intervening summer. Could Cycas revoluta be as hardy as Cordyline
australis? It is high time we in the UK found out.
The weather continued clear and cold the next day
as we took the boat to the Isle de Batz, a short but moderating
distance from the mainland. We soon spotted two fine old specimens
of Phoenix canariensis in the island's town. There was no sign of
any fruits on them, so unfortunately there are both probably the
same sex. The 'Jardin Colonial' was at the other end of the island,
but proved to be open only in high summer. However, we were able
to see most of it through gaps in the fence. There was another smaller
Phoenix canariensis, along with the predictable Trachycarpus, Chamaerops,
Cordyline and Agave americana.
Our next stop was the Conservatoire Botanique National
at Brest, where I'd heard rumours that there was a Butia yatay.
After some difficulty (few local people seemed aware of its existence),
we located the Botanic Garden, which was set in a wooded valley
in a large urban park. Proceeding past a number of uncommon plants
such as a Tetrapanax papyrifera and Camelia irrawadiensis, we eventually
spotted the collection of palms. Here was a comprehensive collection
of most of the hardiest species: Trachycarpus fortunei, martianus
and wagnerianus, Chamaerops, Butia capitata, Brahea armata, Jubaea
chilensis, Rhapidophyllum hystrix, Sabal minor and even a Sabal
princeps. If only Kew Gardens were bold enough to plant out a similar
collection of hardy palms.
Interspersed with these species was a large number
of more tender palms, ingeniously protected with effective but energy
efficient shelters. Each palm had many large bales of straw tightly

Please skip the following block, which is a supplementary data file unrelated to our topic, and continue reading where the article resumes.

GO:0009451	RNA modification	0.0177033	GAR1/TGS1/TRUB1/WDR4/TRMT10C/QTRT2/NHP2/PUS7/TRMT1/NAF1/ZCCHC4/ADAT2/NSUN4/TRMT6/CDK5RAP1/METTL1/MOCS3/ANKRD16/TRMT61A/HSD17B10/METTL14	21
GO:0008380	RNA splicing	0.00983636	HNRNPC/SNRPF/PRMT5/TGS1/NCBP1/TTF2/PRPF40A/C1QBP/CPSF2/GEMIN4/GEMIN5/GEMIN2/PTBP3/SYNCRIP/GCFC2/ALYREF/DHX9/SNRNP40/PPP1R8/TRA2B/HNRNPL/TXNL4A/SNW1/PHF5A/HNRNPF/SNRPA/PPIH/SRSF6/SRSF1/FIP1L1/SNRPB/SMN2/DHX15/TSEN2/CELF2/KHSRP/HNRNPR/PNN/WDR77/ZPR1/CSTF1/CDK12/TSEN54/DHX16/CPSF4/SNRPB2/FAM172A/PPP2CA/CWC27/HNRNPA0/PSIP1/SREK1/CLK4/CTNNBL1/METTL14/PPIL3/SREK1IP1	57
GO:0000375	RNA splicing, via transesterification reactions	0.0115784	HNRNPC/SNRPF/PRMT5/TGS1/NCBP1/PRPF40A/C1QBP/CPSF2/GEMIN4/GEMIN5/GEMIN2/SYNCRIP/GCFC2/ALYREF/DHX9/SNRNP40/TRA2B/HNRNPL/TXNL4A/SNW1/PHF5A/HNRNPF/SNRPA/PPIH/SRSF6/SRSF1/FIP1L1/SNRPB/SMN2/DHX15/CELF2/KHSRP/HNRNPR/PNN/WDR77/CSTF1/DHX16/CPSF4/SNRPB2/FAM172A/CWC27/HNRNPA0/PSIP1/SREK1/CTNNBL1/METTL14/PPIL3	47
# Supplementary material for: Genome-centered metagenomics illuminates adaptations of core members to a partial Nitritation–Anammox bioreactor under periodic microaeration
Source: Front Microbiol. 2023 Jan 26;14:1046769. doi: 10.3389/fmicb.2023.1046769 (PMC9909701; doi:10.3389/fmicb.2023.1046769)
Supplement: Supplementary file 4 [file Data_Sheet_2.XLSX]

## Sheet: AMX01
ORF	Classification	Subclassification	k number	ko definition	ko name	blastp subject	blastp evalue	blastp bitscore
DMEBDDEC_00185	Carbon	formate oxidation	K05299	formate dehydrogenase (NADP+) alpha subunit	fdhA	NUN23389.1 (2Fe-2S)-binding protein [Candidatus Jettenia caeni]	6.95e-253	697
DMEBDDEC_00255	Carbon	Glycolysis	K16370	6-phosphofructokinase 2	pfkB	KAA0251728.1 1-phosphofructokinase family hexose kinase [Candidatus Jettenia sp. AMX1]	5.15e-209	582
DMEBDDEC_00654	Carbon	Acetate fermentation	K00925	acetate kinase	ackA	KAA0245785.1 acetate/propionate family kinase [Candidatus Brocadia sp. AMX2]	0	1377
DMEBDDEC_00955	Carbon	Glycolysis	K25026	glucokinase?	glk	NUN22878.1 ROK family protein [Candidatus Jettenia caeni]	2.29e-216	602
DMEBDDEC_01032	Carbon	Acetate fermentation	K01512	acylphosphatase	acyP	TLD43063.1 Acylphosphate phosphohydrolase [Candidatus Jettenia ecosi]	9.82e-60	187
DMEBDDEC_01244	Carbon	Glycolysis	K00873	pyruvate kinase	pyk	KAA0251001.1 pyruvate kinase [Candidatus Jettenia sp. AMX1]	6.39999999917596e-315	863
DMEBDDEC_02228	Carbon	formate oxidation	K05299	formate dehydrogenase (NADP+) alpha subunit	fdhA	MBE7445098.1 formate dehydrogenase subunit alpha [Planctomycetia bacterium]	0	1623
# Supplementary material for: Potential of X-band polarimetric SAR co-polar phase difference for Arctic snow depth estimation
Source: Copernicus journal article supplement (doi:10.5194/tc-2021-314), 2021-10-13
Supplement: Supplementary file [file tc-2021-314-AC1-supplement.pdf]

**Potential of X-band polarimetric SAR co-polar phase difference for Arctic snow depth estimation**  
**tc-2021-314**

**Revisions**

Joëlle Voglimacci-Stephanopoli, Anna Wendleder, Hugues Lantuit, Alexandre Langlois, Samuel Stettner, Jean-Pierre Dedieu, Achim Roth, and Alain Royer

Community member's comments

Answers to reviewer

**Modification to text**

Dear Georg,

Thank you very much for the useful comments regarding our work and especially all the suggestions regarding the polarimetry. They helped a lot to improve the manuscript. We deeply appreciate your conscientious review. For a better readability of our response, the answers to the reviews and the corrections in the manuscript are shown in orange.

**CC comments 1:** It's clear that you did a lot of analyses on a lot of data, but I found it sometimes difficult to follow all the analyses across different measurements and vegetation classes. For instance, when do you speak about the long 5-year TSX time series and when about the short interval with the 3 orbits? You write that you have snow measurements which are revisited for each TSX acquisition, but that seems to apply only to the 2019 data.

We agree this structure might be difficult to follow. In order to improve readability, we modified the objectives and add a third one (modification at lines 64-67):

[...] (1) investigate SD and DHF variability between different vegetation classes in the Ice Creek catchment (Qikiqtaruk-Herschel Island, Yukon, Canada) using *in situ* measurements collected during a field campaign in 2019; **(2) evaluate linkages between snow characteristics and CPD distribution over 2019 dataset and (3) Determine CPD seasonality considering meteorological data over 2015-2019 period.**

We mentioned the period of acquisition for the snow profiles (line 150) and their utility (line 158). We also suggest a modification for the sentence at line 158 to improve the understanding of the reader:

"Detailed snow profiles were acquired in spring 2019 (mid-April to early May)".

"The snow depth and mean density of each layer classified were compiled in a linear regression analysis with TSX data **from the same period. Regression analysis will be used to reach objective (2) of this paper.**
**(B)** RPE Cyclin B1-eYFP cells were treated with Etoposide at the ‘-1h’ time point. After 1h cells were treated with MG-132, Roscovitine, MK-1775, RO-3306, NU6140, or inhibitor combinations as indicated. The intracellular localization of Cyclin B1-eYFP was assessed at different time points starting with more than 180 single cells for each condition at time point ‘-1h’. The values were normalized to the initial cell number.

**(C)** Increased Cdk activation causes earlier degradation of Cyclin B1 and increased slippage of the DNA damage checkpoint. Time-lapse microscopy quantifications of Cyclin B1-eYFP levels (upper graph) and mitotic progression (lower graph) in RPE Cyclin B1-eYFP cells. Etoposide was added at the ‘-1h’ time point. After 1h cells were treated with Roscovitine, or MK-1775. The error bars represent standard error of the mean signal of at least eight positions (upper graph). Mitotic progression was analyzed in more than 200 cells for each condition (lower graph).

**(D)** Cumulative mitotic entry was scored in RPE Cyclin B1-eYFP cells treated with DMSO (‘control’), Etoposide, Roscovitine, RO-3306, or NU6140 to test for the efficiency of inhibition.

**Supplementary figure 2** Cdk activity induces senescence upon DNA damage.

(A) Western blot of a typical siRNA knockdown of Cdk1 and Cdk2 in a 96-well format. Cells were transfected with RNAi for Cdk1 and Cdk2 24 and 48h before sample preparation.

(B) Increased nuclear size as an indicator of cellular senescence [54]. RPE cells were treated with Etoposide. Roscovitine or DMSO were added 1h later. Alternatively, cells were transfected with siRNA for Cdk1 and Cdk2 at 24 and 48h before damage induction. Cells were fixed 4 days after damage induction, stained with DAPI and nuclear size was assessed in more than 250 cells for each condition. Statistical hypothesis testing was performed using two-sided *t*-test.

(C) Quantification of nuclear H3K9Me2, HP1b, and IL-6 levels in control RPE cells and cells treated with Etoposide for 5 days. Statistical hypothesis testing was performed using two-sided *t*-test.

packed around the trunk and leaves. Around this, a frame was erected
to support a tent of Agrifleece, weighted down around the edges
with stones. Agrifleece is a spun fabric used for frost protection
in commercial horticulture, which is supposed to retain heat while
allowing the passage of some light and air. All of this made the
identification of the protected palms very difficult, but peering
under the edges of the 'tents' I was able to discern a few labels:
Livistona chinensis, Washingtonia filifera and Phoenix canariensis.
If Butia yatay were there, it was well and truly 'under wraps'!
The garden also boasted an excellent succulent area,
set into a south-facing rock overhang. There were Agave americana,
Aloe brevifolia, Aloe saponaria, Dasylirion acrotrichum and several
species of Opuntia, Yucca and Nolina. Species of Carprodotus, Lampranthus
and other plants were being protected with sheets of Agrifleece.
A few days later on the Cote d'Azur, I also saw Agrifleece being
used to protect more tender species in the cactus garden at Eze.
Have any 'Chamaerops' readers had experience of using this material
for winter protection?
I left Brittany impressed with the bold planting
and experimentation that was going on, and with some new ideas to
try at home. I for one will be giving Agrifleece a try. When combined
with thick straw cladding, it would seem to be a very effective
alternative to heating cables and polythene, with the advantage
that the plants can 'breathe'.